On November 8, 1985, 18-year-old Tom Odle brutally murdered his parents and three siblings in the small southern Illinois town of Mount Vernon, sending shockwaves throughout the nation. The murder of the Odle family remains one of the most horrific family mass murders in U.S. history. Odle was sentenced to death and, after seventeen years on death row, expected a lethal injection to end his life. However, Illinois governor George Ryan’s moratorium on the death penalty in 2000, and later commutation of all death sentences in 2003, changed Odle’s sentence to natural life. The commutation of his death sentence was an epiphany for Odle. Prior to the commutation of his death sentence, Odle lived in denial, repressing any feelings about his family and his horrible crime. Following the commutation and the removal of the weight of eventual execution associated with his death sentence, he was confronted with an unfamiliar reality. A future. As a result, he realized that he needed to understand why he murdered his family. He reached out to Dr. Robert Hanlon, a neuropsychologist who had examined him in the past. Dr. Hanlon engaged Odle in a therapeutic process of introspection and self-reflection, which became the basis of their collaboration on this book. Hanlon tells a gripping story of Odle’s life as an abused child, the life experiences that formed his personality, and his tragic homicidal escalation to mass murder, seamlessly weaving into the narrative Odle’s unadorned reflections of his childhood, finding a new family on death row, and his belief in the powers of redemption. As our nation attempts to understand the continual mass murders occurring in the U.S., Survived by One sheds some light on the psychological aspects of why and how such acts of extreme carnage may occur. However, Survived by One offers a never-been-told perspective from the mass murderer himself, as he searches for the answers concurrently being asked by the nation and the world.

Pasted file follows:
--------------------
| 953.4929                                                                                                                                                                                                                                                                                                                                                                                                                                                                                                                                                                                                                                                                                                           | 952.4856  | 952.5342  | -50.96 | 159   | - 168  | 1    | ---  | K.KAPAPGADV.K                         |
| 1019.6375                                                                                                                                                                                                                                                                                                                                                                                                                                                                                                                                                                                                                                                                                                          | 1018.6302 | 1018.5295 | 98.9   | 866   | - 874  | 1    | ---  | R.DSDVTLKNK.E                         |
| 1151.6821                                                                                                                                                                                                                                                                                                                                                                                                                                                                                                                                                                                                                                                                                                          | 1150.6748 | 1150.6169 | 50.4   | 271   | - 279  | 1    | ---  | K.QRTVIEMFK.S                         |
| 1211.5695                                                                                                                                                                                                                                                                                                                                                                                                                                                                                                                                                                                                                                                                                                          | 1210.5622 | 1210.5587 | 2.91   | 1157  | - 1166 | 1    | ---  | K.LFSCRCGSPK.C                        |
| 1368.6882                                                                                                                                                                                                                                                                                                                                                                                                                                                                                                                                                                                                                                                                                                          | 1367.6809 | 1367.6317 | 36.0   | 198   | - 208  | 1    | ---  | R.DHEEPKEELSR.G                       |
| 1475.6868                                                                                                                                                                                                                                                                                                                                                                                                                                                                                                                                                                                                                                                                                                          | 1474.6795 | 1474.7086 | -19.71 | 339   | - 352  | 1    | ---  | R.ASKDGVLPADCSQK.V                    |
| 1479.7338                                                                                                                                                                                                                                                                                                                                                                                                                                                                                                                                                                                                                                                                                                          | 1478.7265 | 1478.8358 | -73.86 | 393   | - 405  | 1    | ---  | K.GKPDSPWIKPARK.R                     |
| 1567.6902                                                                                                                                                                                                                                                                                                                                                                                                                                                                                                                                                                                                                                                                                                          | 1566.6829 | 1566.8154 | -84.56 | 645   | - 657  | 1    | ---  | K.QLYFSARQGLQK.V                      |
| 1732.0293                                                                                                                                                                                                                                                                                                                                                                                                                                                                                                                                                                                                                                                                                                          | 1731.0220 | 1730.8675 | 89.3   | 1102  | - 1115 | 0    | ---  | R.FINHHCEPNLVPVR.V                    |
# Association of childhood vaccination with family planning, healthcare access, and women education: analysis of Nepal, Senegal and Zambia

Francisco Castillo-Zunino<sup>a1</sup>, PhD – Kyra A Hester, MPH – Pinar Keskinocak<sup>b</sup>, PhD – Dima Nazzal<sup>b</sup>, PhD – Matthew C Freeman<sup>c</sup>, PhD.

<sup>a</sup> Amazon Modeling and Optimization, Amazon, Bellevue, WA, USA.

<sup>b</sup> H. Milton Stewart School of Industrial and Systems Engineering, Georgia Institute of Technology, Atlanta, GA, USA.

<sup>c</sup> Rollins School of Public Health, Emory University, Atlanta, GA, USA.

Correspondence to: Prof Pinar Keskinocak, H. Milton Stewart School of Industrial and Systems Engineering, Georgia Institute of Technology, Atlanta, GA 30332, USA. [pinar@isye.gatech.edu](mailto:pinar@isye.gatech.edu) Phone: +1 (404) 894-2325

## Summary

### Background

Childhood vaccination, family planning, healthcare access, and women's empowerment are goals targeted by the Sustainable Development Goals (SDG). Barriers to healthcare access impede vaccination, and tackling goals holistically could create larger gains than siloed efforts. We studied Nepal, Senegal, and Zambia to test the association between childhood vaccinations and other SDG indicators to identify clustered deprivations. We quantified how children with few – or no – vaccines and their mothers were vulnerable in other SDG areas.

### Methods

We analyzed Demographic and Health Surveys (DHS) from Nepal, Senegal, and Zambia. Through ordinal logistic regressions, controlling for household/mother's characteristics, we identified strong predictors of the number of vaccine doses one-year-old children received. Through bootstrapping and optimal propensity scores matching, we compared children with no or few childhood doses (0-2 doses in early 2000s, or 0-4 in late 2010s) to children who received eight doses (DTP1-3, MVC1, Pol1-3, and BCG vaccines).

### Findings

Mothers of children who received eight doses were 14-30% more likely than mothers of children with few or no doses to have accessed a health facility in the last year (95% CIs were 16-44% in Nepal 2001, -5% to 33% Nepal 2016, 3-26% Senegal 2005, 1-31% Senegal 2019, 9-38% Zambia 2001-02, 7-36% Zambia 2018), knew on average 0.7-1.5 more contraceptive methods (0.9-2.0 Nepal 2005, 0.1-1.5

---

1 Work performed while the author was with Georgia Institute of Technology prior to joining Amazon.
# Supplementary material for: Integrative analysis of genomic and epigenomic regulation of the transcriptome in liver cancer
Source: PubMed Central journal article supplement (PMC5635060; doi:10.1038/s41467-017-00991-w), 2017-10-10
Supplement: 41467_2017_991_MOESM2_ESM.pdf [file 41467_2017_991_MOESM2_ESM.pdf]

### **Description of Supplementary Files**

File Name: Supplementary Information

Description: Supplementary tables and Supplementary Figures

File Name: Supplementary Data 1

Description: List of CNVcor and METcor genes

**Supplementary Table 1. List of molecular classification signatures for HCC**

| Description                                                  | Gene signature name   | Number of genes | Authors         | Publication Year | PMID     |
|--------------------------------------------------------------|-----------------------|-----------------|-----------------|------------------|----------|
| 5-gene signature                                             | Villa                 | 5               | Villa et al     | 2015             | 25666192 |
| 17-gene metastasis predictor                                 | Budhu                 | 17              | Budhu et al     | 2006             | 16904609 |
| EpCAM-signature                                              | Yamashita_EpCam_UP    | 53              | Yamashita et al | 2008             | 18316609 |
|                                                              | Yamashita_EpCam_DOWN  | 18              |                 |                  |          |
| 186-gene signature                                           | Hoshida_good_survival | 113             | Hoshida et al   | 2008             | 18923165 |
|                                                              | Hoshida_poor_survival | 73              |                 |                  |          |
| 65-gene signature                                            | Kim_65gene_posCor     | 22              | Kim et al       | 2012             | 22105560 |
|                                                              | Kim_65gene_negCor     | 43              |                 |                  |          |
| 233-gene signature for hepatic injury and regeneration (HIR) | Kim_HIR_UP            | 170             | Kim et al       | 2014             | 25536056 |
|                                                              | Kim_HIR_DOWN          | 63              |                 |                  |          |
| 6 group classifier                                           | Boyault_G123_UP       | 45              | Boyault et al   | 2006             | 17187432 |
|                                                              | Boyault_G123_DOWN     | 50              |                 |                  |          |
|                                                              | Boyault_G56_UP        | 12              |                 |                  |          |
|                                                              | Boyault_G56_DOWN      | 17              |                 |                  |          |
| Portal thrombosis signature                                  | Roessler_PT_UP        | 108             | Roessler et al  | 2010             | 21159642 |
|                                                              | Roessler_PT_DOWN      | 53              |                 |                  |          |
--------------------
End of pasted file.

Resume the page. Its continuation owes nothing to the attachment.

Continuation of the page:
This book tells two stories. The first and most obvious is why the star known as Sirius has been regarded as an important fixture of the night sky by many civilizations and cultures since the beginnings of history. A second, but related, narrative is the prominent part that Sirius has played in how we came to achieve our current scientific understanding of the nature and fate of the stars. This is the first book to integrate the cultural history of Sirius with modern astrophysics in a way which provides a realistic view of how science progresses over time.